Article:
Visibility is Key Blockchain Feature for Food Supply Chains

Without visibility, food movement through the supply chain might become erratic, impeded or unknown, leading to food waste.

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Today, one of the biggest problems the food supply chain faces is “a lack of visibility.” A tremendous amount of uncertainty has been introduced because sellers and buyers cannot usually see precisely where food is in its long journey from the farm to retailers or the groceries.

Sellers without visibility do not have an immediate sense of when demand is spiking or dropping or when competitive brands may be entering the marketplace, so they often have to make decisions based on partial information.

Buyers such as groceries or restaurants without visibility do not know:

-        How long has food been in transit?

-         What sort of environments it has gone through while en route?

-         If the food has been exposed to either less-than-optimal sanitary conditions or kept at improper temperatures?

These issues lead to food waste, and is a huge problem nationwide. Every year,  the United States experiences between 30-40% of food waste.

Visibility affects performance too. If a seller does not have visibility:

-         How will they plan and route their trucks, boats or rail freight?

-         How can they have the clarity to make alternate plans to avoid a disaster if they cannot even see where their food is at any given moment?

Sellers need the correct data to make appropriate decisions about routes and put together forecasts. Without visibility, food movement through the supply chain might become erratic, impeded or unknown, leading to food waste.

Blockchain and trust

Blockchain technology introduces a way to solve these sorts of problems. Blockchain provides a guaranteed and verified way for multiple stakeholders to see transactions throughout the supply chain and know that they have not compromised or tampered. Once in place, this technology can increasingly make the frequent invoice management disputes of the past a near-obsolete thing.

Trust matters a lot; the first thing blockchain does is build trust. And, it does that by providing enhanced visibility to all stakeholders throughout the food supply chain. If you check the many sorts of reports measuring trust from companies such as Nielsen or other market research enterprises, you will find that the trust in brands in the food supply chain is getting reduced, and there are a tremendous number of unknown new entrants. By preserving trust, Blockchain helps strengthen and reinforce the brands of those who use it.

Blockchain effect on ROI

Blockchain can provide a tremendous return on investment (ROI) as it provides an immutable source of data. However, there are a few caveats to keep in mind.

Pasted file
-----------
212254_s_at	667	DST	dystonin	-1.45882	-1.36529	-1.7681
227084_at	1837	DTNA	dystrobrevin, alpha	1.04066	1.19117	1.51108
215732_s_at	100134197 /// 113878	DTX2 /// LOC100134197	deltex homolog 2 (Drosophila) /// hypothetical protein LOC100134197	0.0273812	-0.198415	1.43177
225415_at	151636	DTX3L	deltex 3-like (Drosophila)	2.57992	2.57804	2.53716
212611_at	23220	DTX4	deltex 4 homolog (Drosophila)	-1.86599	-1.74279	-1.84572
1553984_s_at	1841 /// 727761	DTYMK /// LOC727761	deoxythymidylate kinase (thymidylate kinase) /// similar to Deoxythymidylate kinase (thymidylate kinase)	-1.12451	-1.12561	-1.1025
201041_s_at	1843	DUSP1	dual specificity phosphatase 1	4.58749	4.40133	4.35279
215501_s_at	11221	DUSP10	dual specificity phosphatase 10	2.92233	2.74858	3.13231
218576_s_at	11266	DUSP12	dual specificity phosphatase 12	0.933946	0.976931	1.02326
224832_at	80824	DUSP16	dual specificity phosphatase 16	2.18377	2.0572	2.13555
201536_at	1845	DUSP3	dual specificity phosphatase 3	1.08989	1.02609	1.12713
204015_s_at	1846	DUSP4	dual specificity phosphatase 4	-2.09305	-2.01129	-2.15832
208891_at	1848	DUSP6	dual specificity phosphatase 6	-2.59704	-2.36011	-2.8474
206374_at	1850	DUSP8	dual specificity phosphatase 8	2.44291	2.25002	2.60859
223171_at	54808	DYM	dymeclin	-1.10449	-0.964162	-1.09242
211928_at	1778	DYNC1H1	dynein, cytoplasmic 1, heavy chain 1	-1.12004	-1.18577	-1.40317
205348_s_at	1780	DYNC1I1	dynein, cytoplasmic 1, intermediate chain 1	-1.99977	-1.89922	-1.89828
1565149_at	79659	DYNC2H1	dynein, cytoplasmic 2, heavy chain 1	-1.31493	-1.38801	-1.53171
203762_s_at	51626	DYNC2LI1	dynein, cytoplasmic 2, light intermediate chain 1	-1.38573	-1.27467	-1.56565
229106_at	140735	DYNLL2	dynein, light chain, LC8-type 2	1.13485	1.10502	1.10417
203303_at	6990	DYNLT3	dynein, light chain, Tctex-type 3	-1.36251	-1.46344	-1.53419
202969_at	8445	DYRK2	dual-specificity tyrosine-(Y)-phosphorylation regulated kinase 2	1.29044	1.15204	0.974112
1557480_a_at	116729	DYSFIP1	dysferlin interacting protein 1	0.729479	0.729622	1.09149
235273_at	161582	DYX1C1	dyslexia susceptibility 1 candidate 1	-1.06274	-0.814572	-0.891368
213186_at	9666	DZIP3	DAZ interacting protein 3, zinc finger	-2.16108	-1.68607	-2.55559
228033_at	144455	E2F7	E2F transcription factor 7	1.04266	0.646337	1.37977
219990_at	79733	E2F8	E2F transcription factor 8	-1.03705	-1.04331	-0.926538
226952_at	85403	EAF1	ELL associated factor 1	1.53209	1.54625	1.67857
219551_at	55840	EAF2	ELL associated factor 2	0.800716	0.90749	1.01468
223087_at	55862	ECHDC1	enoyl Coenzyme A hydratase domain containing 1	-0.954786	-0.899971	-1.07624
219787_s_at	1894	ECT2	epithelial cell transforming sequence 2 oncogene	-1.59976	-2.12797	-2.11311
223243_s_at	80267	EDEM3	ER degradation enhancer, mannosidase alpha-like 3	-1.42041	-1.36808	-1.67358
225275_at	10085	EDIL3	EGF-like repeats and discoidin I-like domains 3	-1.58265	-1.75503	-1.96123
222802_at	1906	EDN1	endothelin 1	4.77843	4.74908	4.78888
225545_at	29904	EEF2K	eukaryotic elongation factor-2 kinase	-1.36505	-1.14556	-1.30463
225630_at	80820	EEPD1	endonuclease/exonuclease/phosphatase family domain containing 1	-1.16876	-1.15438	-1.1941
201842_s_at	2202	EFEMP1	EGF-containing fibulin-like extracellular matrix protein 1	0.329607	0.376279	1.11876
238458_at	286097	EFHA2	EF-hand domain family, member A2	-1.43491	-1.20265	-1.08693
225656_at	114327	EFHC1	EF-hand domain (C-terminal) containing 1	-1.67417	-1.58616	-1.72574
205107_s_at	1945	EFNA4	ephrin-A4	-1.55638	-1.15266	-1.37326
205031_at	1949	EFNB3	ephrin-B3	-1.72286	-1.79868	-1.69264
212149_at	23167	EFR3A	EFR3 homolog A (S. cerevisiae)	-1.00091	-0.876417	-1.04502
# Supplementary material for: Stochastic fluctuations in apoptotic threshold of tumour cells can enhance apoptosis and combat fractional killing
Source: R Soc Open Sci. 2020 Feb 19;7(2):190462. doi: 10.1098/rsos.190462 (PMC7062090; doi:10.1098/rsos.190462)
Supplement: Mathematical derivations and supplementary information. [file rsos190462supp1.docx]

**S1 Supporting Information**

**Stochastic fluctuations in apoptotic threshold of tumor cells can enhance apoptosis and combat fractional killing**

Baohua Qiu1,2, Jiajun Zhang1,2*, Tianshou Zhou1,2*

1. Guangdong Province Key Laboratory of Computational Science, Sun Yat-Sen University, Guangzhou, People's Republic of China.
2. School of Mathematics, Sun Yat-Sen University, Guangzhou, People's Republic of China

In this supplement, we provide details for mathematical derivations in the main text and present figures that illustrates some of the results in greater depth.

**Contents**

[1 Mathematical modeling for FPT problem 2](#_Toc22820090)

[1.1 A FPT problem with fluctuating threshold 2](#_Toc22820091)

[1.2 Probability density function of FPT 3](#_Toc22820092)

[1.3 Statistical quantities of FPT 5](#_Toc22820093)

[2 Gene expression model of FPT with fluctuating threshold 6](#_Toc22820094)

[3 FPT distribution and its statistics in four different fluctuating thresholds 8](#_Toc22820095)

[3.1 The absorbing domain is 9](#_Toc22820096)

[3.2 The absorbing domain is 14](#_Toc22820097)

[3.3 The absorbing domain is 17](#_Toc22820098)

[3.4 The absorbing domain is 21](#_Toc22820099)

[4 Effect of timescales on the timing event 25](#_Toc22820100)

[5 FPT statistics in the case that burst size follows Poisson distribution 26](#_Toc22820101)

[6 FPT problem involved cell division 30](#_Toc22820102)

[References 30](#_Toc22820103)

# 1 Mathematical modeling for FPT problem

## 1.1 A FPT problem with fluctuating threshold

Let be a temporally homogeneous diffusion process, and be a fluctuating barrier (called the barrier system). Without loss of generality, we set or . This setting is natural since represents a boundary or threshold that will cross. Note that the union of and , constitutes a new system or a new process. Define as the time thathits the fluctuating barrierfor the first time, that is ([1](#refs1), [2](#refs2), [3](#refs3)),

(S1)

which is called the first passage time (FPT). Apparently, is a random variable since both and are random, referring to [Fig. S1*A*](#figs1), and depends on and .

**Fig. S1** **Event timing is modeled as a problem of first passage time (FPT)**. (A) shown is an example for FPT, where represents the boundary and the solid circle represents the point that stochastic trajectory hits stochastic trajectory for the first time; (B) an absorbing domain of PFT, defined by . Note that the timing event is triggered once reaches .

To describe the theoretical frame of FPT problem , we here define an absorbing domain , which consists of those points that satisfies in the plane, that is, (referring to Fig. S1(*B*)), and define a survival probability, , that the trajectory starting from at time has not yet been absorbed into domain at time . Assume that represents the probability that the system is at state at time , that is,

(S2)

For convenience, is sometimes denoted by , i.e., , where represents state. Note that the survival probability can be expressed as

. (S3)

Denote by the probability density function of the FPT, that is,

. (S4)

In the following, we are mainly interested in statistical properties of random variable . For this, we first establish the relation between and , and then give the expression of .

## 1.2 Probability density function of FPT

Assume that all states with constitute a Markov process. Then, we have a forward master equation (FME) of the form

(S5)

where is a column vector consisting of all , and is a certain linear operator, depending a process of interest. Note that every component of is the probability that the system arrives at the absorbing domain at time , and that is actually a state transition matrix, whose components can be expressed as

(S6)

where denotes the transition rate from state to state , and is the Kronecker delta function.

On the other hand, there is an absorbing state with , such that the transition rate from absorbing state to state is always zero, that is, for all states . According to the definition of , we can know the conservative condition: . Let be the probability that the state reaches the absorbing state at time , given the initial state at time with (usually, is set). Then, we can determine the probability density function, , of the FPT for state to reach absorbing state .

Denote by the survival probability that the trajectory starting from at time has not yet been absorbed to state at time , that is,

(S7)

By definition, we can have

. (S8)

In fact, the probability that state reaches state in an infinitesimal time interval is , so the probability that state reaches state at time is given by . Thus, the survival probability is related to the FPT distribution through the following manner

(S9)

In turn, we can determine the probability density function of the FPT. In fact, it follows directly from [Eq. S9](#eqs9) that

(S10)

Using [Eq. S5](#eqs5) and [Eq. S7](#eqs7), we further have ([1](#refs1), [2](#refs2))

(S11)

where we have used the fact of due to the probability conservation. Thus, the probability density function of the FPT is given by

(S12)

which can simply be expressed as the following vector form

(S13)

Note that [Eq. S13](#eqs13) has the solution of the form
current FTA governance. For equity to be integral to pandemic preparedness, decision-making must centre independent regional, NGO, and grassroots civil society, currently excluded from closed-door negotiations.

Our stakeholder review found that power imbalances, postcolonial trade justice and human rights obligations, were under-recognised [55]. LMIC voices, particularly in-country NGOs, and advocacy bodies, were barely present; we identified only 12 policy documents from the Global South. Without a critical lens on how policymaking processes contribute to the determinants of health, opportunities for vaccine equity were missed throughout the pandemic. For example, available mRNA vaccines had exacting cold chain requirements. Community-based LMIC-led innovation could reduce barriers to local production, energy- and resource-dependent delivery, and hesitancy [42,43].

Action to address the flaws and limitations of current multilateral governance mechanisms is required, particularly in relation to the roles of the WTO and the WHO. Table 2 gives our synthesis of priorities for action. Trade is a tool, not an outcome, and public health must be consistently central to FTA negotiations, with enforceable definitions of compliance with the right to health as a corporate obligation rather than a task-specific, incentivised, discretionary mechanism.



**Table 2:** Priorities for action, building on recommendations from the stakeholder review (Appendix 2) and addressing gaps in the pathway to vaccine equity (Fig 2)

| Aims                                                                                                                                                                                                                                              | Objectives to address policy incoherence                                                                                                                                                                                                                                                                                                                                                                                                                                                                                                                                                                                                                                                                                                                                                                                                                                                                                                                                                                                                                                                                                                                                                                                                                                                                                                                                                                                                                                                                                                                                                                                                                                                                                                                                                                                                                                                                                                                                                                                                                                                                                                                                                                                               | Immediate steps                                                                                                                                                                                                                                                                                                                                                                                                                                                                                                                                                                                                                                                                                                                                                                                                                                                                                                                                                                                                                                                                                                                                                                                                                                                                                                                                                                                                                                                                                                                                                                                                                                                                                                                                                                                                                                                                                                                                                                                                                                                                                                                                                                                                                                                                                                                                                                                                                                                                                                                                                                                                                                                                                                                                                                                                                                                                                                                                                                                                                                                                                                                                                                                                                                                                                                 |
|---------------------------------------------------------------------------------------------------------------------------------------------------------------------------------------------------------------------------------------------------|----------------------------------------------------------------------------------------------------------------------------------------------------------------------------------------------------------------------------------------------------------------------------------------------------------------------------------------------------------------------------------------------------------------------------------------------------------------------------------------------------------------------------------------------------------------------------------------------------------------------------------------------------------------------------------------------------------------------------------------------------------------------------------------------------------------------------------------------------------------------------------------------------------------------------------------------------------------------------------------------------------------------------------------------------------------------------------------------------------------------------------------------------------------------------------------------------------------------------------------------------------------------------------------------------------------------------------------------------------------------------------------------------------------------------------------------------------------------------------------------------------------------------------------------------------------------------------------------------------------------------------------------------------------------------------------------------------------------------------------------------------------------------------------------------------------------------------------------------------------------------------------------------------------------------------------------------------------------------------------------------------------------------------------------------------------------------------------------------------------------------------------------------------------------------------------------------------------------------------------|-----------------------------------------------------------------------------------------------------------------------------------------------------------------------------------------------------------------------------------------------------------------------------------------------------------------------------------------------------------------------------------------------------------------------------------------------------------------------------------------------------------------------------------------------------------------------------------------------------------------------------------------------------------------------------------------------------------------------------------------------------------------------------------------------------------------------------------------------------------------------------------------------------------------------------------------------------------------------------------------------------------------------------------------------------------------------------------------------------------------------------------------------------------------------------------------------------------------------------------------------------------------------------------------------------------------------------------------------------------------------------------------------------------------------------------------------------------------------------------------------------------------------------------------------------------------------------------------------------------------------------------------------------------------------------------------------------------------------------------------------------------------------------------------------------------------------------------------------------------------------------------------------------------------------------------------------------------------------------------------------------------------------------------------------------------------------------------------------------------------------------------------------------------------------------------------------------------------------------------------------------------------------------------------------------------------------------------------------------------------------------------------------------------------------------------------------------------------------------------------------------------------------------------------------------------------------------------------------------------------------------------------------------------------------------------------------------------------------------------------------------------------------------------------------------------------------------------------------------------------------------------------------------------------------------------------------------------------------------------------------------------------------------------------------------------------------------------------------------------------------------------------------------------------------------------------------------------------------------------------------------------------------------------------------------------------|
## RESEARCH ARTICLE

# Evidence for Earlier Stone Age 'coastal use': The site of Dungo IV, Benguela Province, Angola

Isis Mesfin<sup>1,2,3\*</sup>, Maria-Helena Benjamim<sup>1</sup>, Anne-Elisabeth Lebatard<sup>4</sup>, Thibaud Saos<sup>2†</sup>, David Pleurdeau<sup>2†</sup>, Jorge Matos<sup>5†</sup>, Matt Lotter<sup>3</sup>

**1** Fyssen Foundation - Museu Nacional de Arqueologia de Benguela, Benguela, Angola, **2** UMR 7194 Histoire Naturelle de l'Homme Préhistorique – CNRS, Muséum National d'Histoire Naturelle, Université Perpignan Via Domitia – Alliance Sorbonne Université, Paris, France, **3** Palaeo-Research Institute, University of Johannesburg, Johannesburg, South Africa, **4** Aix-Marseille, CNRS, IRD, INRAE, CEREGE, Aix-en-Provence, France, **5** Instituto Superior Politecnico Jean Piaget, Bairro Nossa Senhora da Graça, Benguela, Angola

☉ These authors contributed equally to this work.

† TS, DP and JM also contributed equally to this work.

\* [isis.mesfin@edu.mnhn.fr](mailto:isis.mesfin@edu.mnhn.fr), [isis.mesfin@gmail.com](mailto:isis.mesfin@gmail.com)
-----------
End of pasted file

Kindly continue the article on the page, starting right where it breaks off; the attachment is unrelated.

This first one is to be careful of any data you input at the source. If by chance the data you put into the blockchain supply chain is compromised, then all the data throughout the chain is compromised; after all, garbage in, garbage out.

Another thing to keep in mind, especially for those with limited budgets, is that it is often feasible to implement blockchain partially in critical parts of the supply chain where the data is most vital and sensitive. Blockchain is not known for its excellent storage capacity; it is known for offering an element of trust. Therefore, implement blockchain in the areas where you have the most critical aspects of data in the supply chain and that you may need to reference for future needs. Blockchain can serve the needs of smaller companies, large enterprises and entrepreneurs.

Regulation, compliance and international acceptance

Regulation can certainly be overdone, but sometimes it gets a bad rap. Since the FDA is looking at food supply chains, blockchain technology and forming laws, that is a good thing. It is important to have the basics in place.

What is terrific about blockchain? There is minimal scope for anyone to tamper once the data is in the system. That gives it credibility among inspectors, quality assurance people or food inspectors.

Regulation can help prevent food waste since a common source of food waste occurs in manufacturing facilities non-compliant or not careful about managing their inventory control or keeping consistent low temperatures. Blockchain is being granted legal status in some countries as a preferred technology to use in food supply chain situations. Internationally, China is the leader in blockchain implementations, followed closely by Switzerland, Japan, Malta, Singapore, Dubai, and the UAE.

In the United States, Wyoming is the No. 1 blockchain adopter, followed by New York City, New York State, California, and Arizona.